So how did the measurement work? The set-up piece was placed in front of the camera. A slit sits in front followed by a quarter-wave plate, a multi-order wave plate, a polarizer and a diffraction grating. The participants pointed the device at the blue sky and took photos at different angles. Back in HQ dust levels were calculated from the visible spectrum and the degree of polarization of this spectrum that the photos produced. The same principle by the way is used in SPEX for the measurement of dust and clouds in the atmosphere of the planets in our solar system.

The end result is a map of the Netherlands dotted with 5000 data points with each point a dirty brown for polluted air or a healthy blue for clear air (we are generalizing) and everything in between. The map does not immediately makes sense. You would expect to see oceans of blue outside the major cities but it does not work that way. Someone took a measurement almost in front of my house and it is an ugly brown! Must be the heavy road reconstruction work taking place in the next street? I hope so.

Movie! (in Dutch)

Chemical reactors, the modular approach

03 July 2013 - Design

This blog first learned about Leroy Cronin from a TED talk he presented on printing molecules here. This talk was flawed because the impression was given that you can actually print molecules. A recent article from the Cronin lab in Chemical Science here should give a nice opportunity to find out what really gets printed in the Cronin lab.

In it Kitson et al. describe performing a series of consecutive conventional organic reactions (DA cyclisation, imine formation and hydrogenation) not done in the classical way of batch production (glass or steel reactors) or even via flow chemistry (plastic or steel tubing).

The "reactionware" that is central to the innovation are collections of reaction chamber cubicles designed by computer and 3D-printed. Each cubicle encloses a custom designed reactor optionally with a custom catalytic surface or custom chromatographic channel. Tandem reaction are made possible by locking cubicles together with the inlet and outlet ports and letting gravity do all the work. The process is more complicated though than it sounds: the printing process has to be interrupted (take 12 hours for curing to finish) when it comes to filling the reactor with chemicals or even adding a stirring bar. Nevertheless, yields from the reactionware sequence compare well with yields from the conventional methods.

There are some annoyances. What type of material is a cube made of? The article is not at all clear: it says it is printed from polypropylene, but how? The supplementary info mentions extrusion. But is extrusion also 3D printing? Think not. The raw material list mentions an acetoxy-silicone polymer (LOCTITE 5366), a material that can be UV cured but is certainly not polypropylene. Is it a polypropylene-like material? The description acetone-silicone polymer is not at all scientific. This blog eventually had to give up, the reactor walls are fuzzy.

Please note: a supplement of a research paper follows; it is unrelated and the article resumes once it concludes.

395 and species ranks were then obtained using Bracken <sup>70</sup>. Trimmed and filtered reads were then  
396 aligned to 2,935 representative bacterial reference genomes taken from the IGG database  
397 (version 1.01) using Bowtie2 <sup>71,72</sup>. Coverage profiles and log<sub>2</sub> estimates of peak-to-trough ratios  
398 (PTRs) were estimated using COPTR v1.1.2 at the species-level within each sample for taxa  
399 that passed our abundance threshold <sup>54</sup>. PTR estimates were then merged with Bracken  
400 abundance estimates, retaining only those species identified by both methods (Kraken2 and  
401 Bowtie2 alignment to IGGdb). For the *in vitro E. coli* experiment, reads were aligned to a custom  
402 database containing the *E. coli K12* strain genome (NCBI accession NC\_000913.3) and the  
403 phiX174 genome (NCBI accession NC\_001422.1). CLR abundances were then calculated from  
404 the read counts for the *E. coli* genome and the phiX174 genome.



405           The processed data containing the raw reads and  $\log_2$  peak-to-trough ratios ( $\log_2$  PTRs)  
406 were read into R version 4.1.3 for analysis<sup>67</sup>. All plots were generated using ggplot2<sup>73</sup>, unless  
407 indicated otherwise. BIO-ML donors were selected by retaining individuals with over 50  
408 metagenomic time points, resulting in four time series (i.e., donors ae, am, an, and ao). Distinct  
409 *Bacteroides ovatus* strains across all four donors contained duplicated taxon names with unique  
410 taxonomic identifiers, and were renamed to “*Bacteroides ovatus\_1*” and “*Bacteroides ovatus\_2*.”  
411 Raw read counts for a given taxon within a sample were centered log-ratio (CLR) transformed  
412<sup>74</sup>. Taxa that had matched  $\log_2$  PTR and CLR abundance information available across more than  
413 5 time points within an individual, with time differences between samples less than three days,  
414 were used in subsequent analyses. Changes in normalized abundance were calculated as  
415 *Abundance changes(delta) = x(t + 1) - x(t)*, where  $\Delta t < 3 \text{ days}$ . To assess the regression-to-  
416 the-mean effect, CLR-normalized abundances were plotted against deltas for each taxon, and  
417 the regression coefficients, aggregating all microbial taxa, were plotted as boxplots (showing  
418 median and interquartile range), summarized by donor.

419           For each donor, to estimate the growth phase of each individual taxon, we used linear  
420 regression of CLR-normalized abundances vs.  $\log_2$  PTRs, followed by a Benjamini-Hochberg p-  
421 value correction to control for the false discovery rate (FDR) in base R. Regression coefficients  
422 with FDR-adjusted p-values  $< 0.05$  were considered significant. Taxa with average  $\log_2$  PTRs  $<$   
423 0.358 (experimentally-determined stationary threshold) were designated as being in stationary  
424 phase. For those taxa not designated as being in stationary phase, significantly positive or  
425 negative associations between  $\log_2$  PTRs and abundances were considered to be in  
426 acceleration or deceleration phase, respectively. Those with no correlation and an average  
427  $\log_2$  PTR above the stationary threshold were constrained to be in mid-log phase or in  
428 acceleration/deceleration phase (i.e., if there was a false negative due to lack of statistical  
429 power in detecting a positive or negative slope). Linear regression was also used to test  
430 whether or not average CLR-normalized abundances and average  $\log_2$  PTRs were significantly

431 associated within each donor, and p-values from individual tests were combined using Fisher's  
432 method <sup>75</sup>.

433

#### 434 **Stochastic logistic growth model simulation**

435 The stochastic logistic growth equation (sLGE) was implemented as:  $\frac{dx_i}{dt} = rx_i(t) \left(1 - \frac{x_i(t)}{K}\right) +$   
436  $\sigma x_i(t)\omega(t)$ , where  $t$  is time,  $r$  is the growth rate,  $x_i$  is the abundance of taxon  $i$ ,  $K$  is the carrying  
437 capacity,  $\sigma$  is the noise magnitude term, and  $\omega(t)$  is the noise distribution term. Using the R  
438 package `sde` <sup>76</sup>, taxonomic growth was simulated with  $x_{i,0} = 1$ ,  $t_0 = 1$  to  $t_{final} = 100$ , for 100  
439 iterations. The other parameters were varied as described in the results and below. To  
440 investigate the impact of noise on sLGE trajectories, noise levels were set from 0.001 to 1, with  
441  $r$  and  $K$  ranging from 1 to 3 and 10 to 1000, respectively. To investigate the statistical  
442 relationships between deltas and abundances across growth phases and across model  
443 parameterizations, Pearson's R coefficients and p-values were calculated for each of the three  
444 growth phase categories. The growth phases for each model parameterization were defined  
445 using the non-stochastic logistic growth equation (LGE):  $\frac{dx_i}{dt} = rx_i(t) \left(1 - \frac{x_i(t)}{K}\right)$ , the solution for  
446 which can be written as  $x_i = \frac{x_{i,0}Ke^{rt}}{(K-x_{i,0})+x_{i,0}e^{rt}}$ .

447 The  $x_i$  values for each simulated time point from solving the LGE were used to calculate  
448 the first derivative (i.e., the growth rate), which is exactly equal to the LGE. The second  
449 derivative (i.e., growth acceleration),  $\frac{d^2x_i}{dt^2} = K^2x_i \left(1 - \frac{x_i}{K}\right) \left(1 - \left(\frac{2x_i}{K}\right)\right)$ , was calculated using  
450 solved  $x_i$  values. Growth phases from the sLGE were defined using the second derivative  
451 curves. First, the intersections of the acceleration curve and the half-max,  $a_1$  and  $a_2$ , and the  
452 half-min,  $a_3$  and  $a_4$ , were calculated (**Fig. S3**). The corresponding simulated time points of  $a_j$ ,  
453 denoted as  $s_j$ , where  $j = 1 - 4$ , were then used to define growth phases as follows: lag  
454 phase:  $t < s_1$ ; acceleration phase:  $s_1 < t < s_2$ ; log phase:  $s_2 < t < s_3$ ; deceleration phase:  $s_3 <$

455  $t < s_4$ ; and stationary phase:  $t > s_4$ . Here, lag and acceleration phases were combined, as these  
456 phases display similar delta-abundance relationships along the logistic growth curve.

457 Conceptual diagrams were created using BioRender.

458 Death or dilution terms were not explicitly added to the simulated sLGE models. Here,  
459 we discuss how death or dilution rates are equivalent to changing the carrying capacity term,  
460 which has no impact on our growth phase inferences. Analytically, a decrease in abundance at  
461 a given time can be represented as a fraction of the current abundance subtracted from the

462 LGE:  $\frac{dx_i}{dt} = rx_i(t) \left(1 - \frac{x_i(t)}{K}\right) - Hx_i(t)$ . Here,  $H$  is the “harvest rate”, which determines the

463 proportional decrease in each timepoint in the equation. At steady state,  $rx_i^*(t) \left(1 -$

Another annoyance. A 2012 article from the same group in Nature Chemistry (DOI) and another 2012 article (DOI) all describe a similar experiment but with a different chemical reaction. If we consider everything mankind have come up with in terms of organic reactions and their combinations we are going to enjoy a long string of Cronin reactionware articles.

By the way, the novel concept is sold as an opportunity "where chemistry can be performed (...) in places where there is no laboratory apparatus and by people who have no detailed knowledge of liquid handling in chemistry". We can be certain the Jesse Pinkmans of this world have taken notice.

Industrial-scale trifluoromethylation challenges

01 July 2013 - Orgo

trifluorination Jason Mulder 2013  What?: Industrial trifluoromethylation
Where?: DOI
Who?: Mulder et al. Boehringer Ingelheim Pharmaceuticals
Key reagent: methyl chlorodifluoroacetate (MCDFA) / KF / CuI , a system first described in 1991 (DOI)
Why should we care?: MCDFA is lot cheaper than other trifluoromethylation reagents
Downsides: reaction requires 4 eq. of MCDFA and stochiometric copper. MCDFA invites multiple alkylations on initial CF3 unit, resulting in polymeric mess. CF3- possibly in equilibrium with difluorocarbene, stoichiometric copper drives equilibrium back to desired end. Foam formation from carbon dioxide was also found to interfere with kilogram scale batch production.